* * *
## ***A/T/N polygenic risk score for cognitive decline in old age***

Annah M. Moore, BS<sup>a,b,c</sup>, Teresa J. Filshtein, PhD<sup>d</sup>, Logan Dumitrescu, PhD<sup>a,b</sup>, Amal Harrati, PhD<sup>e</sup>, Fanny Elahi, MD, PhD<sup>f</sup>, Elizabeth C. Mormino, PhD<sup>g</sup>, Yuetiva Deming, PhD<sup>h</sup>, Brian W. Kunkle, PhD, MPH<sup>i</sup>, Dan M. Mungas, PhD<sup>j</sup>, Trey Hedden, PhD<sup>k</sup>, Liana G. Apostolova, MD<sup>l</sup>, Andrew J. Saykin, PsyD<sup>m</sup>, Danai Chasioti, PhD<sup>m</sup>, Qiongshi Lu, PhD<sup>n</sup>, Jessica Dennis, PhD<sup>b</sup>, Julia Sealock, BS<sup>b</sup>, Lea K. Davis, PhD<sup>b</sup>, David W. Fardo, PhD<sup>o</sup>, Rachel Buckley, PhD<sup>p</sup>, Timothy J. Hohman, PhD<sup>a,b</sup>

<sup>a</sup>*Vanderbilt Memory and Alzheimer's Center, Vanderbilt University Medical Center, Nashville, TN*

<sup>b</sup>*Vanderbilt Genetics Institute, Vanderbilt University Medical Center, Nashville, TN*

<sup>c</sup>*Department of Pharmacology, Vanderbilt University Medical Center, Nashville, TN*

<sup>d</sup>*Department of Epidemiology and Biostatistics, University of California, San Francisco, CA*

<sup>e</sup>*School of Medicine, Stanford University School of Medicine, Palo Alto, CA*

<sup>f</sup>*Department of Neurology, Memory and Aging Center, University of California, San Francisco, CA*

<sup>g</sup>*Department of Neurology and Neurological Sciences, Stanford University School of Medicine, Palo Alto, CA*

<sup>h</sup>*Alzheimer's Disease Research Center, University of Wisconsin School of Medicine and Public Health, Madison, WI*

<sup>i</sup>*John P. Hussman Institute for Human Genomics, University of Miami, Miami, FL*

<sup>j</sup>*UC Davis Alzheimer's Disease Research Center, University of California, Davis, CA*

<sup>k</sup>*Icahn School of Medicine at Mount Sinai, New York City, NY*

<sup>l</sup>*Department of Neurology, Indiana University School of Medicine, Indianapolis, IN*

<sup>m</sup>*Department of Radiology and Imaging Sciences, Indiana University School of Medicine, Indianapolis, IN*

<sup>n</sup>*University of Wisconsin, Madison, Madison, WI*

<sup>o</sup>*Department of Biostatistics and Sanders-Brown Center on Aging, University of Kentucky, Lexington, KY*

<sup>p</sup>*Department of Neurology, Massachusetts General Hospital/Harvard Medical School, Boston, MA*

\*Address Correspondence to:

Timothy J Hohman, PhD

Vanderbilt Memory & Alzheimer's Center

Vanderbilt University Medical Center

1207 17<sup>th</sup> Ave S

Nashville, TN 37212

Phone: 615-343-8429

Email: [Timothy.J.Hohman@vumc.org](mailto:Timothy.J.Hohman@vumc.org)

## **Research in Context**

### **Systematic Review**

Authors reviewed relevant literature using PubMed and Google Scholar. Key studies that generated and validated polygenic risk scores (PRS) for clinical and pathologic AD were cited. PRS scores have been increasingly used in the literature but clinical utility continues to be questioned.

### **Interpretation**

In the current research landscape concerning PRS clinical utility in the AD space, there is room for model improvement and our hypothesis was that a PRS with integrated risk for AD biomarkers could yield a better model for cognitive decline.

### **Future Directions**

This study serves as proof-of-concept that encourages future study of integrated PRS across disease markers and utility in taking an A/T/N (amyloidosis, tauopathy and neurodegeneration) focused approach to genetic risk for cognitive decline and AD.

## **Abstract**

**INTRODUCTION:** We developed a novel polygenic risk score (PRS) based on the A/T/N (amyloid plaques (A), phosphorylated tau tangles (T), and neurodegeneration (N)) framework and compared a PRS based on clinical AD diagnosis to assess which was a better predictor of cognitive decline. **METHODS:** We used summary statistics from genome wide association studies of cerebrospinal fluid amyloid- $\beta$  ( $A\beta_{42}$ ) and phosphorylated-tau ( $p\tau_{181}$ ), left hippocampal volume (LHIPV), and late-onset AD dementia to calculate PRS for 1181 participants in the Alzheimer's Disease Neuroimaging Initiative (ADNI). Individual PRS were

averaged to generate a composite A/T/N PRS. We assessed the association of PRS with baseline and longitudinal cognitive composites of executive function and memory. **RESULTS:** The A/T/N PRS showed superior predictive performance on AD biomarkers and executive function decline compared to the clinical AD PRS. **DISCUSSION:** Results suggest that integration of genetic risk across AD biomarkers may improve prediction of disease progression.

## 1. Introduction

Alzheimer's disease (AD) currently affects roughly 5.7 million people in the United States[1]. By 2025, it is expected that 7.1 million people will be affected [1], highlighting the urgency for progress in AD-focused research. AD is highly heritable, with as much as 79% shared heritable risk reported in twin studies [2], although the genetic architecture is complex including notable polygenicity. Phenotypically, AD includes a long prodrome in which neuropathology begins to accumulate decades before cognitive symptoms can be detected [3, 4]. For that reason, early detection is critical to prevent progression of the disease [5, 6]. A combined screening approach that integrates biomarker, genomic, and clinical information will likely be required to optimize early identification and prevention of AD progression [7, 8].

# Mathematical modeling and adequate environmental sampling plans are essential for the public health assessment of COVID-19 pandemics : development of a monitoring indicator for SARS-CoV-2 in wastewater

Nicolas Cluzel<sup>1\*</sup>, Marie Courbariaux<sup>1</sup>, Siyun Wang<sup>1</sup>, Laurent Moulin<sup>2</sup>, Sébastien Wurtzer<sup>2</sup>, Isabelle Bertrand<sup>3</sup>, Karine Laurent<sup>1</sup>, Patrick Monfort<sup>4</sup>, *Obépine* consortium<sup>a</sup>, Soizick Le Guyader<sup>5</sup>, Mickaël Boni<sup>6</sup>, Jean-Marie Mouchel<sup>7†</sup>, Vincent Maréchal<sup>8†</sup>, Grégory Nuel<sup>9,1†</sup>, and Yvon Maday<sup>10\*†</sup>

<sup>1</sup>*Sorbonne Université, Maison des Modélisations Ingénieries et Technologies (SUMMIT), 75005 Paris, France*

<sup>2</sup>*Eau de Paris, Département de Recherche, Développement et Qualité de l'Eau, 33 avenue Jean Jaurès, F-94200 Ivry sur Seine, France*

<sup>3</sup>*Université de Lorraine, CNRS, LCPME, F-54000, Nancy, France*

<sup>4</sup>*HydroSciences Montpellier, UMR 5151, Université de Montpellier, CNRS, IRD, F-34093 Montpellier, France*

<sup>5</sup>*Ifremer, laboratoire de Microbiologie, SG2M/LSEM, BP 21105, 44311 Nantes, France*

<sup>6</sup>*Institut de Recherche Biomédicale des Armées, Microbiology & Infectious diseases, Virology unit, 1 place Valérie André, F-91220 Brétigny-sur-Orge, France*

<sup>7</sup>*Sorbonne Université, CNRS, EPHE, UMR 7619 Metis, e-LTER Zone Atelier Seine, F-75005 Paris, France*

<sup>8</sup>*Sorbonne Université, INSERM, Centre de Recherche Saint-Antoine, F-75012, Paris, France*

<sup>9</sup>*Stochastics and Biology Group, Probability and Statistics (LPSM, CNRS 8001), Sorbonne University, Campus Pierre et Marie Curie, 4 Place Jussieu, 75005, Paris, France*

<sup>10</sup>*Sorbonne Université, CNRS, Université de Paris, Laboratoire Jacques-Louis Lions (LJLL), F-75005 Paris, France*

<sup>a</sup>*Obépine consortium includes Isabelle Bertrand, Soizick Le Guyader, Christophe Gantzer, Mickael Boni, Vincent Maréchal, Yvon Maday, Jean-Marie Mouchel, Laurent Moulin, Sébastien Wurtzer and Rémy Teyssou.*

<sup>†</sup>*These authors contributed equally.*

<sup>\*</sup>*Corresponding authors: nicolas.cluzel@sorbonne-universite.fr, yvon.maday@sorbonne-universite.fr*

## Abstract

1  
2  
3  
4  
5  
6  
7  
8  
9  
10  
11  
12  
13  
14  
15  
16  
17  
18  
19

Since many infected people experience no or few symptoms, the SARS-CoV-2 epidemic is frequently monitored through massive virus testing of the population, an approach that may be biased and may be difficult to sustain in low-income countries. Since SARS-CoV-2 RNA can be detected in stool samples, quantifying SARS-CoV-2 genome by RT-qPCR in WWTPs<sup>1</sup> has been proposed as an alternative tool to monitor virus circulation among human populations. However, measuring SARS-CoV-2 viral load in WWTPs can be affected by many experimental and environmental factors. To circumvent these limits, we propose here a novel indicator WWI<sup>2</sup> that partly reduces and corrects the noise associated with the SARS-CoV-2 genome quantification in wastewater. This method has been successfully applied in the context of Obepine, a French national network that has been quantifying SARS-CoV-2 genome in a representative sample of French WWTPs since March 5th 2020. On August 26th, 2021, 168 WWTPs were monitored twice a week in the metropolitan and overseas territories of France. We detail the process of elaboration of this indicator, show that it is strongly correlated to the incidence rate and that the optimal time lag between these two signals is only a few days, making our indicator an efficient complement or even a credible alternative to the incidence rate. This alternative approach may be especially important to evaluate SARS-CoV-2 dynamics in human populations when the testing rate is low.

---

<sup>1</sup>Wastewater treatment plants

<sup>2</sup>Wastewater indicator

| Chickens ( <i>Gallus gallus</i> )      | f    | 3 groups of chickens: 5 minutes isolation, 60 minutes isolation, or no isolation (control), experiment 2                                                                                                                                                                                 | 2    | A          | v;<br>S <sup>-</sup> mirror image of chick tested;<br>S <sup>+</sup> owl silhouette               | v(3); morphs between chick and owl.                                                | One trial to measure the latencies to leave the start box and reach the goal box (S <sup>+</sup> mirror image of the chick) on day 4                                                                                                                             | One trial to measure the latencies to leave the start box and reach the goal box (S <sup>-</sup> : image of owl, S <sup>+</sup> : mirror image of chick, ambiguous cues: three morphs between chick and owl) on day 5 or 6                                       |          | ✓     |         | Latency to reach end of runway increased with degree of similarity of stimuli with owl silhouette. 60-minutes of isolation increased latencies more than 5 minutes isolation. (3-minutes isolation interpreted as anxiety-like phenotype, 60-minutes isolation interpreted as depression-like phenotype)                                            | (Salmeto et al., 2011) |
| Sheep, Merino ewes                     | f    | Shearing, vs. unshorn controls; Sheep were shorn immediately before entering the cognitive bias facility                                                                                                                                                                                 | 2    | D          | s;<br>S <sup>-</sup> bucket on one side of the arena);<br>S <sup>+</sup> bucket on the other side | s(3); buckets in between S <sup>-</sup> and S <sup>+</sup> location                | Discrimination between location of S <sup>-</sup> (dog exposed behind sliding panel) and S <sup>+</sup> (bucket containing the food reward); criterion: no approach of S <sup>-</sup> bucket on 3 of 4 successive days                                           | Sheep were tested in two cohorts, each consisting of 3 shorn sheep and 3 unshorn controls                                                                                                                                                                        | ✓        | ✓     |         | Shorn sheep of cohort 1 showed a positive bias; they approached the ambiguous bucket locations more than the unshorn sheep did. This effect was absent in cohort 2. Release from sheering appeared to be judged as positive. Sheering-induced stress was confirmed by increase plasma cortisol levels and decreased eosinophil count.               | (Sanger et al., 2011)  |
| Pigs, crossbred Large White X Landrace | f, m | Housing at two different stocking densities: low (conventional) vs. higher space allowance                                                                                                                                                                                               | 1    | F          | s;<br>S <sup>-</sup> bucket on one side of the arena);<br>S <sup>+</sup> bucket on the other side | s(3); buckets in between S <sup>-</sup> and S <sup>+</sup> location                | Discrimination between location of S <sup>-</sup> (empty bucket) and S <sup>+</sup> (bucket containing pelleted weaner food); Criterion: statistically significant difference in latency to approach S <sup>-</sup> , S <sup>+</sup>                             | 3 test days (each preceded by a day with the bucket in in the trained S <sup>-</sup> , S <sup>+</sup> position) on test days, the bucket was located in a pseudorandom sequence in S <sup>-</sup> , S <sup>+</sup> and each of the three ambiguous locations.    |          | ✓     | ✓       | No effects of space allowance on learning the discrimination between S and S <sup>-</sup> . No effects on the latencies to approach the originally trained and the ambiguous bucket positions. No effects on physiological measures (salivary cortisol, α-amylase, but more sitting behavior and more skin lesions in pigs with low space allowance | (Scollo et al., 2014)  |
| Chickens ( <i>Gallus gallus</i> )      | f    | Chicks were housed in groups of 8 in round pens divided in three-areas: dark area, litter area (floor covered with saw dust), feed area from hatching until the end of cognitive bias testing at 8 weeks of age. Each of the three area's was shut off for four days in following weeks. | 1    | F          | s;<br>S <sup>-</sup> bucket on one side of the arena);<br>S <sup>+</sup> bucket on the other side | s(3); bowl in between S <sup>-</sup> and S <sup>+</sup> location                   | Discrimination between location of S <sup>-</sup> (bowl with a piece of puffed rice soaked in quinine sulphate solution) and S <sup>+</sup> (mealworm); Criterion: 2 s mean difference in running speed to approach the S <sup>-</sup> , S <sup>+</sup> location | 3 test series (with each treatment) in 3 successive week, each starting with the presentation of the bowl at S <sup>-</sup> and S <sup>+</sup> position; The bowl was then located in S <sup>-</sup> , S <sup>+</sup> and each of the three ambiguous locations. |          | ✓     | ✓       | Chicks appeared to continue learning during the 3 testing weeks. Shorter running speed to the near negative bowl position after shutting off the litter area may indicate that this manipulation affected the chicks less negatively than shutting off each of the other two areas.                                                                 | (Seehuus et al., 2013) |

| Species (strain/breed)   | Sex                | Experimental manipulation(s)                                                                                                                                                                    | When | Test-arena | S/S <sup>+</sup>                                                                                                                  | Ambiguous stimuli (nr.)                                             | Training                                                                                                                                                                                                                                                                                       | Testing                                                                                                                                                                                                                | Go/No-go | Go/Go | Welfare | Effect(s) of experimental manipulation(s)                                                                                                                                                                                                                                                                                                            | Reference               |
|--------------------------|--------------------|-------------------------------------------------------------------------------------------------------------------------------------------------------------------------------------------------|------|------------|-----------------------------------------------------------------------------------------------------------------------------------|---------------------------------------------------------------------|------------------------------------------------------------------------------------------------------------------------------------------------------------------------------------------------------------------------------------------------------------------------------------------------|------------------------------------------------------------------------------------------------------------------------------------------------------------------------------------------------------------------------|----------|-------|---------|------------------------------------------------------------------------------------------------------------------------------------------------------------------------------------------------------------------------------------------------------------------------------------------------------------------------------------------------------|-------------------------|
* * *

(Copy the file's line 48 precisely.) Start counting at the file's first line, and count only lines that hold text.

<sup>8</sup>*Sorbonne Université, INSERM, Centre de Recherche Saint-Antoine, F-75012, Paris, France*